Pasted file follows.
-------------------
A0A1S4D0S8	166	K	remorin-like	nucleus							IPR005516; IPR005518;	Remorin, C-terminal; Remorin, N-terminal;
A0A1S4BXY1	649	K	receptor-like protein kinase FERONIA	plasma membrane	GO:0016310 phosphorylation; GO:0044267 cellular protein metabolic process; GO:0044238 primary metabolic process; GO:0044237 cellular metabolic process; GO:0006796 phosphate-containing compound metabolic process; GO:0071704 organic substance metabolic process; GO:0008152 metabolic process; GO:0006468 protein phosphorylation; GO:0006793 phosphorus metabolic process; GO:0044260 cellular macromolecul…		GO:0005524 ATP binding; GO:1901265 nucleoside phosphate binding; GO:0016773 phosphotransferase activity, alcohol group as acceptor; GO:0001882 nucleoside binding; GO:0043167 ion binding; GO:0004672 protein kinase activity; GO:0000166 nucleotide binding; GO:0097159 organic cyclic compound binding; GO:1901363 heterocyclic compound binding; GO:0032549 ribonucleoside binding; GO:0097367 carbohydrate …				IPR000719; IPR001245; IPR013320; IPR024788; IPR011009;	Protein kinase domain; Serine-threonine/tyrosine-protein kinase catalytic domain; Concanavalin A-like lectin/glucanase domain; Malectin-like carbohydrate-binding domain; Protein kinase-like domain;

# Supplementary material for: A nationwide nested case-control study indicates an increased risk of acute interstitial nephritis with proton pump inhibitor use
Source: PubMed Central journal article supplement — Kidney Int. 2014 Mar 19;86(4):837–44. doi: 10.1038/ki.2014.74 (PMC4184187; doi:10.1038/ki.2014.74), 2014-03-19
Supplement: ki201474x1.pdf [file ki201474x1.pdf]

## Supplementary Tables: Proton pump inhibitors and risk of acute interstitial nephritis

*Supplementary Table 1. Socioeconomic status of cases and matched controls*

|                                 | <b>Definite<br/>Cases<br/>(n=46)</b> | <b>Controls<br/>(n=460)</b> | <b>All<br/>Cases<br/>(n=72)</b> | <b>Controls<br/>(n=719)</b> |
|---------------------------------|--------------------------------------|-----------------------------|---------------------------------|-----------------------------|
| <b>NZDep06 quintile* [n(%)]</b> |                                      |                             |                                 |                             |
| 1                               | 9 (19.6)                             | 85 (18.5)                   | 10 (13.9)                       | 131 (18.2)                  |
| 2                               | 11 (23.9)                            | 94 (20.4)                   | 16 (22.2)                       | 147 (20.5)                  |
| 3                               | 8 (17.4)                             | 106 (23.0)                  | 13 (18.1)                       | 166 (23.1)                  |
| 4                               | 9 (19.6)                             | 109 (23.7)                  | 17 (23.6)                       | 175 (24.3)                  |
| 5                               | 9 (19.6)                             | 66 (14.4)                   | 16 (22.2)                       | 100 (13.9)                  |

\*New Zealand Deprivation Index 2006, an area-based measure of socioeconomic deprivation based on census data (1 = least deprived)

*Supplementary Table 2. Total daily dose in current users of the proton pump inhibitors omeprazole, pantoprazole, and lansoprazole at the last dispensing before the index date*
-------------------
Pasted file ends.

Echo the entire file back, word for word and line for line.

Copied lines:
A0A1S4D0S8	166	K	remorin-like	nucleus							IPR005516; IPR005518;	Remorin, C-terminal; Remorin, N-terminal;
A0A1S4BXY1	649	K	receptor-like protein kinase FERONIA	plasma membrane	GO:0016310 phosphorylation; GO:0044267 cellular protein metabolic process; GO:0044238 primary metabolic process; GO:0044237 cellular metabolic process; GO:0006796 phosphate-containing compound metabolic process; GO:0071704 organic substance metabolic process; GO:0008152 metabolic process; GO:0006468 protein phosphorylation; GO:0006793 phosphorus metabolic process; GO:0044260 cellular macromolecul…		GO:0005524 ATP binding; GO:1901265 nucleoside phosphate binding; GO:0016773 phosphotransferase activity, alcohol group as acceptor; GO:0001882 nucleoside binding; GO:0043167 ion binding; GO:0004672 protein kinase activity; GO:0000166 nucleotide binding; GO:0097159 organic cyclic compound binding; GO:1901363 heterocyclic compound binding; GO:0032549 ribonucleoside binding; GO:0097367 carbohydrate …				IPR000719; IPR001245; IPR013320; IPR024788; IPR011009;	Protein kinase domain; Serine-threonine/tyrosine-protein kinase catalytic domain; Concanavalin A-like lectin/glucanase domain; Malectin-like carbohydrate-binding domain; Protein kinase-like domain;

# Supplementary material for: A nationwide nested case-control study indicates an increased risk of acute interstitial nephritis with proton pump inhibitor use
Source: PubMed Central journal article supplement — Kidney Int. 2014 Mar 19;86(4):837–44. doi: 10.1038/ki.2014.74 (PMC4184187; doi:10.1038/ki.2014.74), 2014-03-19
Supplement: ki201474x1.pdf [file ki201474x1.pdf]

## Supplementary Tables: Proton pump inhibitors and risk of acute interstitial nephritis

*Supplementary Table 1. Socioeconomic status of cases and matched controls*

|                                 | <b>Definite<br/>Cases<br/>(n=46)</b> | <b>Controls<br/>(n=460)</b> | <b>All<br/>Cases<br/>(n=72)</b> | <b>Controls<br/>(n=719)</b> |
|---------------------------------|--------------------------------------|-----------------------------|---------------------------------|-----------------------------|
| <b>NZDep06 quintile* [n(%)]</b> |                                      |                             |                                 |                             |
| 1                               | 9 (19.6)                             | 85 (18.5)                   | 10 (13.9)                       | 131 (18.2)                  |
| 2                               | 11 (23.9)                            | 94 (20.4)                   | 16 (22.2)                       | 147 (20.5)                  |
| 3                               | 8 (17.4)                             | 106 (23.0)                  | 13 (18.1)                       | 166 (23.1)                  |
| 4                               | 9 (19.6)                             | 109 (23.7)                  | 17 (23.6)                       | 175 (24.3)                  |
| 5                               | 9 (19.6)                             | 66 (14.4)                   | 16 (22.2)                       | 100 (13.9)                  |

\*New Zealand Deprivation Index 2006, an area-based measure of socioeconomic deprivation based on census data (1 = least deprived)

*Supplementary Table 2. Total daily dose in current users of the proton pump inhibitors omeprazole, pantoprazole, and lansoprazole at the last dispensing before the index date*